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on 31 July 2010
John Ashdown-Hill has done it again to follow up his excellent and intriguing book, Eleanor the secret Queen. This time he does what all good historians should do - take you to the appropriate moment and examine the subject, having tried to forget the future. Following the example of Micheal Jones, who tries to portray Richard as a proactive king rather than the reactive monarch of Shakespeare, Ashdown Hill's Richard becomes quite different. His day to day rituals and acts of routine piety are related in detail and the fact that Richard went hunting a few days before Bosworth; not the action of a nervous underconfident King. As a Dr I was very much persuaded by his conjecture that Richard may have been ill before Bosworth, accounting for his possible nightmares. We all have apprehensions before a big day but Richard's possible dreams sound much more like a pyrexia than just nerves. Did he suffer from the contemporary sweating sickness? Was he ill on the morning of Bosworth and was he overkeen to get the thing over with? Ashdown-Hill is also much kinder to Henry; Henry's treatment of Richard was in fact straightforward and proper (being killed in battle was after all unique for a post Norman King!)Richard's body was slung over the back of a horse; how else would you do it? Henry did not pre-date his reign from 21st August. He then goes on a hunt for Richard's mitochondial DNA following this with the possibility that Richard's remains could still exist. If so Richard could be identified positively and so many answers, his height, his deformity or lack of it, his mode of death could be established. Ashdown-Hill's scholarship combined with a vision of revelation make this another tasty meal for those who wish to set the Historical record of Richard III straight.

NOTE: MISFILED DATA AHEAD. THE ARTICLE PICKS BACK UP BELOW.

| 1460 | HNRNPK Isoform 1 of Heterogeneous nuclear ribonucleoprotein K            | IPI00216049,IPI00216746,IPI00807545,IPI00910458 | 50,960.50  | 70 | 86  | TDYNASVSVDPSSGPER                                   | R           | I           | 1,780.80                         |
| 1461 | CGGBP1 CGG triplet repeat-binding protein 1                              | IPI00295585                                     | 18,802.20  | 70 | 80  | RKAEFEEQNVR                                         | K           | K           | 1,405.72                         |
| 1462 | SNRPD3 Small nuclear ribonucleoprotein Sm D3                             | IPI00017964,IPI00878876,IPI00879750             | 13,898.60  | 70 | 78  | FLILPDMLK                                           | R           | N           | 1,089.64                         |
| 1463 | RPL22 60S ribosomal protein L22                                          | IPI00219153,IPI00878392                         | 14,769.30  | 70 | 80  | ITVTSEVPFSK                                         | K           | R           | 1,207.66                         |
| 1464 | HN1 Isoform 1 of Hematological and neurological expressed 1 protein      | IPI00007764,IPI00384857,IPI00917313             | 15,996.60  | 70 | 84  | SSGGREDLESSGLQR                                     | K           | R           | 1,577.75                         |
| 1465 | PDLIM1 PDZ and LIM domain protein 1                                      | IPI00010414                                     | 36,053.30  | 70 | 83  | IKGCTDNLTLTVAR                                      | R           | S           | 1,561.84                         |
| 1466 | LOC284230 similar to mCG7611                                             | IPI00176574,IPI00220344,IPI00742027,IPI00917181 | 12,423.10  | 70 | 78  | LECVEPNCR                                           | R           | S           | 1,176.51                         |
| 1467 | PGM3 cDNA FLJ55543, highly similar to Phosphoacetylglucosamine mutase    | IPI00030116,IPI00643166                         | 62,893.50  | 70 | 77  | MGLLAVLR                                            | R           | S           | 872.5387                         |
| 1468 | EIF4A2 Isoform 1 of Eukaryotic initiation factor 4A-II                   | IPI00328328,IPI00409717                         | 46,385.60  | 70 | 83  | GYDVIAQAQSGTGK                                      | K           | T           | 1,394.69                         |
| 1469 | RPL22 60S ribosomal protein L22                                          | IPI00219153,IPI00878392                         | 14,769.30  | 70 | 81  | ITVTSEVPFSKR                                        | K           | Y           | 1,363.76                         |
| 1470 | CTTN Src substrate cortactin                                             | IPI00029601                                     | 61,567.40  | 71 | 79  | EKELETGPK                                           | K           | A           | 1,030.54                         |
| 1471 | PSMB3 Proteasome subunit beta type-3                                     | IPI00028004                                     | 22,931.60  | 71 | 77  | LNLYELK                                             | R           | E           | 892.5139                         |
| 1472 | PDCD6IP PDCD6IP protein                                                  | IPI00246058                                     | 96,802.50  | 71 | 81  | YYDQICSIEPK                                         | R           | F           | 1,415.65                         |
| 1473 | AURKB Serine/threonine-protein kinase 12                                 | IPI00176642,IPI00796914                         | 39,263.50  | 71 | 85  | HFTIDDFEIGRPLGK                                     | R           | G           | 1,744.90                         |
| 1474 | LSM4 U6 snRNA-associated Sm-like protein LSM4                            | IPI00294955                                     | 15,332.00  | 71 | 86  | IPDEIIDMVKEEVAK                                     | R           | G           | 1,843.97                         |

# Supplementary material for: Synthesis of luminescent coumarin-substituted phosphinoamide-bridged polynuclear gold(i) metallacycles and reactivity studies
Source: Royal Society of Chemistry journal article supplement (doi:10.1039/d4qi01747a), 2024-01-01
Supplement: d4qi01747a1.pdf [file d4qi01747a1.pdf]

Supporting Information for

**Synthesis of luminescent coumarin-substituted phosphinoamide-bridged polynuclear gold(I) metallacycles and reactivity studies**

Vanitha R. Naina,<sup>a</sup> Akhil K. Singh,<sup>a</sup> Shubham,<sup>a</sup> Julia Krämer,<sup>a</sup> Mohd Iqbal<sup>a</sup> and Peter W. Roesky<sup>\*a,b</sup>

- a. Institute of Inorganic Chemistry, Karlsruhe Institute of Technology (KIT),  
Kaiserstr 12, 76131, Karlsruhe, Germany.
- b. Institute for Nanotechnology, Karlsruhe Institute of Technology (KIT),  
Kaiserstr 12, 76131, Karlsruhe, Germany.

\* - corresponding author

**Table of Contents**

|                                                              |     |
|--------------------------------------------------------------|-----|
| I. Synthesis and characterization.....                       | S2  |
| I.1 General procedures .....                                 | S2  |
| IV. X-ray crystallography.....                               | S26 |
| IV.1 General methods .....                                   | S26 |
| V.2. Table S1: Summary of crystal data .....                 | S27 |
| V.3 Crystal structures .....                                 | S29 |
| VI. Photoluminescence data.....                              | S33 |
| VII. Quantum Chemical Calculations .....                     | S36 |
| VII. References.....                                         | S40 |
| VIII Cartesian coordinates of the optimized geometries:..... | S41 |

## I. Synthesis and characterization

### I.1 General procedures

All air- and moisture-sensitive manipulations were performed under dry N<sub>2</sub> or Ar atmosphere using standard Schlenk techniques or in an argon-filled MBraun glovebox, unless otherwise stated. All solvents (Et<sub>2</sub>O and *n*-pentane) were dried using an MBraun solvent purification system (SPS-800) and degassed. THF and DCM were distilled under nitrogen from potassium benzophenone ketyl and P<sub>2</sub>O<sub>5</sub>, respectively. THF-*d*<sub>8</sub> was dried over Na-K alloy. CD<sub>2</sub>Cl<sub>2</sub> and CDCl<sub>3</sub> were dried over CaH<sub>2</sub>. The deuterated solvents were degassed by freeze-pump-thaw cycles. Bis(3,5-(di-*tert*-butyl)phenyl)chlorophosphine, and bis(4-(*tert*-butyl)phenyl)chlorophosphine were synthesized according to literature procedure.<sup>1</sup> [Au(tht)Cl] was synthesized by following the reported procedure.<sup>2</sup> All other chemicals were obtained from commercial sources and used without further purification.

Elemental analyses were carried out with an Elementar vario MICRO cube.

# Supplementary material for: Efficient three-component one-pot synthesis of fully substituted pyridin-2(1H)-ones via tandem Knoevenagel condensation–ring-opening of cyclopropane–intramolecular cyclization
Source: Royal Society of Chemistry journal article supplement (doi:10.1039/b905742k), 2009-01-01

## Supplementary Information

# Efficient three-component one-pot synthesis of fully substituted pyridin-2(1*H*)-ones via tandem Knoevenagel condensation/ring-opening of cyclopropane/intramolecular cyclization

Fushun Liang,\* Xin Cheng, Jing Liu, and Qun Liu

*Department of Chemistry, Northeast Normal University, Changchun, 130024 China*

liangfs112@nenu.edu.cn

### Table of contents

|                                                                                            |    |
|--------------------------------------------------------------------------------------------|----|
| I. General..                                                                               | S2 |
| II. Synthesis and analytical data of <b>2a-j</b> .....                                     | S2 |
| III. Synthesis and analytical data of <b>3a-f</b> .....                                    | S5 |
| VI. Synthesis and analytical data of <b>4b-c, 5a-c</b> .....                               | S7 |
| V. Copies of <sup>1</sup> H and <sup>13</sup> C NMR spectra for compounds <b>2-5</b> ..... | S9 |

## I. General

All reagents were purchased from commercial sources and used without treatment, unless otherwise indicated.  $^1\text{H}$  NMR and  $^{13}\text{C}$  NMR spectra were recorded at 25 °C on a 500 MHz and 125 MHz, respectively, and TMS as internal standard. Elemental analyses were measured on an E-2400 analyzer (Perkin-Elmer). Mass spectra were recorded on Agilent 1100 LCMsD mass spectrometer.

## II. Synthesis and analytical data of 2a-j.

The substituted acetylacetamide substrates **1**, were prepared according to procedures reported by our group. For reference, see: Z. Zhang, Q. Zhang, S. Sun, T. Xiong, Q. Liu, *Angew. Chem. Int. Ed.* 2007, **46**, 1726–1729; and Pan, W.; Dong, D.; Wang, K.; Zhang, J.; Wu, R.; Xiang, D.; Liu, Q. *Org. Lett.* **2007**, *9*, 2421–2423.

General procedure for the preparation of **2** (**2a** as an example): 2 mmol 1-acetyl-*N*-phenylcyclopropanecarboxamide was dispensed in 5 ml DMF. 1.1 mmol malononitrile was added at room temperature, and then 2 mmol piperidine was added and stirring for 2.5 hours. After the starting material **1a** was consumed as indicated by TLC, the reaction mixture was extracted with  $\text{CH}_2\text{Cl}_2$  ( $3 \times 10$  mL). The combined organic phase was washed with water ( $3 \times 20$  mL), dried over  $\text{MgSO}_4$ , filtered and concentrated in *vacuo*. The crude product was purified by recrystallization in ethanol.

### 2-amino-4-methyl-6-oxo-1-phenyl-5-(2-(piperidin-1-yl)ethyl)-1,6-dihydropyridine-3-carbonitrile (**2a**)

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on 15 August 2010
I confess an interest in Richard III and have read fairly extensively around the fifteenth century so I approached this fairly short book not expecting to find much new within. I have to say however the narrative style was very clear and the whole concept of taking the king through his last months and beyond into the whole debate of where his body is and who exists today as distant relatives provided a new angle on a much written about king. The illustrations are refreshingly different from the usual and the book is attractive overall. I thought there was little more to say on his short period as monarch, it just shows how you can be wrong! The book is well suited for the lover of medieval history or those who have read on Richard III previously. Very enjoyable.
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on 4 July 2010